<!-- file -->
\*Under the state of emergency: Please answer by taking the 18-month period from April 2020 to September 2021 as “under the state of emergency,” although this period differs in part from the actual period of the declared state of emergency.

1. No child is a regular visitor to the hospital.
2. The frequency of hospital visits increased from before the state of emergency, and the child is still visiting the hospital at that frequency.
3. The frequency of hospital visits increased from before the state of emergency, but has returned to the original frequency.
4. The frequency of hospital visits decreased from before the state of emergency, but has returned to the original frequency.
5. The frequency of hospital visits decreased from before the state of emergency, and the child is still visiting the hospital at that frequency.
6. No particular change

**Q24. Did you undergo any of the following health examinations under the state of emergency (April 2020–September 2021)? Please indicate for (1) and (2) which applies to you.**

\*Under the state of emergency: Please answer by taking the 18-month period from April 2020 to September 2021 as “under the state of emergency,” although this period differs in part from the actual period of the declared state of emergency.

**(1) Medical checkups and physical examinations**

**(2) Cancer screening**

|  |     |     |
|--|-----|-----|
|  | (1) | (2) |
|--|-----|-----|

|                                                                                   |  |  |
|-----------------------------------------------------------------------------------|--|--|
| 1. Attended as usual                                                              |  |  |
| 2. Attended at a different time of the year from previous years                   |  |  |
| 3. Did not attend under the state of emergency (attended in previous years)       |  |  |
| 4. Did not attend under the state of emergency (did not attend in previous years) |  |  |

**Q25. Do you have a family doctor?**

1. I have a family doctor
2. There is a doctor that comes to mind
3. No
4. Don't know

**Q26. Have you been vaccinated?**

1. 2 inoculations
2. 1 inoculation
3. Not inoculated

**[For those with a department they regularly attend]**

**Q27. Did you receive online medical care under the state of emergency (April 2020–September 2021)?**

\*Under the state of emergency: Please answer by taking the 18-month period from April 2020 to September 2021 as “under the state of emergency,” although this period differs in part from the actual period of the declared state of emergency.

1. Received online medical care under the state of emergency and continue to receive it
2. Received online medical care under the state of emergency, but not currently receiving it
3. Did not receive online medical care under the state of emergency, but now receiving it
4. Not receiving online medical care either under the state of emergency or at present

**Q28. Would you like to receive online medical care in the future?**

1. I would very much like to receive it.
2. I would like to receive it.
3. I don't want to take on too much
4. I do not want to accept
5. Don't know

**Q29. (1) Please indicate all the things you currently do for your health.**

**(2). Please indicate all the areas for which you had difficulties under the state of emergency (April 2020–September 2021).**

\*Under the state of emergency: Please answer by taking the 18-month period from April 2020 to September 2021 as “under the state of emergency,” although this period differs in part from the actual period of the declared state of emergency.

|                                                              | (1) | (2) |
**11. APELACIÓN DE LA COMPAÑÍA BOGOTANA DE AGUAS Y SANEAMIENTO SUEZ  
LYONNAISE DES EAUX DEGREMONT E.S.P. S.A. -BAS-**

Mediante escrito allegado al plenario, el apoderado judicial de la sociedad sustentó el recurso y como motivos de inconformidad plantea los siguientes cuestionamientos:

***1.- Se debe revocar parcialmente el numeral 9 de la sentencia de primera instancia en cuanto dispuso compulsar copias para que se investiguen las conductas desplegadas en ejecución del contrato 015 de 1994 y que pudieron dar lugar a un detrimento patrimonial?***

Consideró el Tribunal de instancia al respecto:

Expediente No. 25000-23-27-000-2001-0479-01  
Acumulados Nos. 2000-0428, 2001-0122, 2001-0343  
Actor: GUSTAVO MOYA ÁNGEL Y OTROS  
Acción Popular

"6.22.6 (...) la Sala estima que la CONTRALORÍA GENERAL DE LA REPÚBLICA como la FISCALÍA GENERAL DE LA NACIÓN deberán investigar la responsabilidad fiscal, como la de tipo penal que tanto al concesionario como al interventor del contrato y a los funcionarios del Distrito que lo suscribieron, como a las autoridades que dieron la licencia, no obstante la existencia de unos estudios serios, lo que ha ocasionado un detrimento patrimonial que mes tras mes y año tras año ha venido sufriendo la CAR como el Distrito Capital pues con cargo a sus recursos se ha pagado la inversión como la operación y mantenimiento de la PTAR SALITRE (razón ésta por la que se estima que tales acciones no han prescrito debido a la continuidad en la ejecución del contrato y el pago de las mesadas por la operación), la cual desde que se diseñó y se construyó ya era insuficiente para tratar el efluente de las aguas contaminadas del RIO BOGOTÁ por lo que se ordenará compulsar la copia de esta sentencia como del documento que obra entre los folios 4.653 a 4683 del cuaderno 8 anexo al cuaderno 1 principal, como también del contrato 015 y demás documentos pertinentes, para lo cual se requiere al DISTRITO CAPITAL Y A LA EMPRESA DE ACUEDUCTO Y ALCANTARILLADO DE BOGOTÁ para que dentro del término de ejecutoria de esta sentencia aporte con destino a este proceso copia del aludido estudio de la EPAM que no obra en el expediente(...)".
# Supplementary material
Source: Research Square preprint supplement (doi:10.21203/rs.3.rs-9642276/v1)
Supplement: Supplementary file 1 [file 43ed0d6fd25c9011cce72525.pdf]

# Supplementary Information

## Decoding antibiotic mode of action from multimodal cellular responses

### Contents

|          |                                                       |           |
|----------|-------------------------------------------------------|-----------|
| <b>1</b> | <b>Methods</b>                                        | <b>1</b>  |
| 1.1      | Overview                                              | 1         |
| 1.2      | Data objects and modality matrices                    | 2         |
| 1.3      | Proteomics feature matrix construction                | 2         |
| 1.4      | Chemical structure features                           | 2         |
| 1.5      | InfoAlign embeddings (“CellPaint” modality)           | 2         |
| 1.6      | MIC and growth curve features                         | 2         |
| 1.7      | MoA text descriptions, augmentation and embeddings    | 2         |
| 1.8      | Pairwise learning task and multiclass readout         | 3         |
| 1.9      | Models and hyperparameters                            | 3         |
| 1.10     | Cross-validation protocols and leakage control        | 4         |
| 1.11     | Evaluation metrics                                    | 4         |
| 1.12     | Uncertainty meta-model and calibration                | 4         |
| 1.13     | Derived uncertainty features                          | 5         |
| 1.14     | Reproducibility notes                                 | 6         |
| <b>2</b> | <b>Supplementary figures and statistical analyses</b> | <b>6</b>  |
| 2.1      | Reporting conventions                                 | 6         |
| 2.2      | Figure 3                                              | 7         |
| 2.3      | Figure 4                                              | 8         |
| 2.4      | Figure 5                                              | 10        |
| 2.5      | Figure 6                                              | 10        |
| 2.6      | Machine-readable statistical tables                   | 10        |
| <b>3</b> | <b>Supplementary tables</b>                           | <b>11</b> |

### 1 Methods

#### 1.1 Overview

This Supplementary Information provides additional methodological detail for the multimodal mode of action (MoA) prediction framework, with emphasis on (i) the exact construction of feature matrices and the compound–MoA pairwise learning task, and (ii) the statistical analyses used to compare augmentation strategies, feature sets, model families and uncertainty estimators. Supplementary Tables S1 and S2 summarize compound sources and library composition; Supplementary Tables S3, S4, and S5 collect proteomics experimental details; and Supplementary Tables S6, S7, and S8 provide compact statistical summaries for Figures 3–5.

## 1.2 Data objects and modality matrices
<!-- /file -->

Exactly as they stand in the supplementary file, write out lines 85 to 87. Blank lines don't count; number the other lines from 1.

| 2.4      | Figure 5                                              | 10        |
| 2.5      | Figure 6                                              | 10        |
| 2.6      | Machine-readable statistical tables                   | 10        |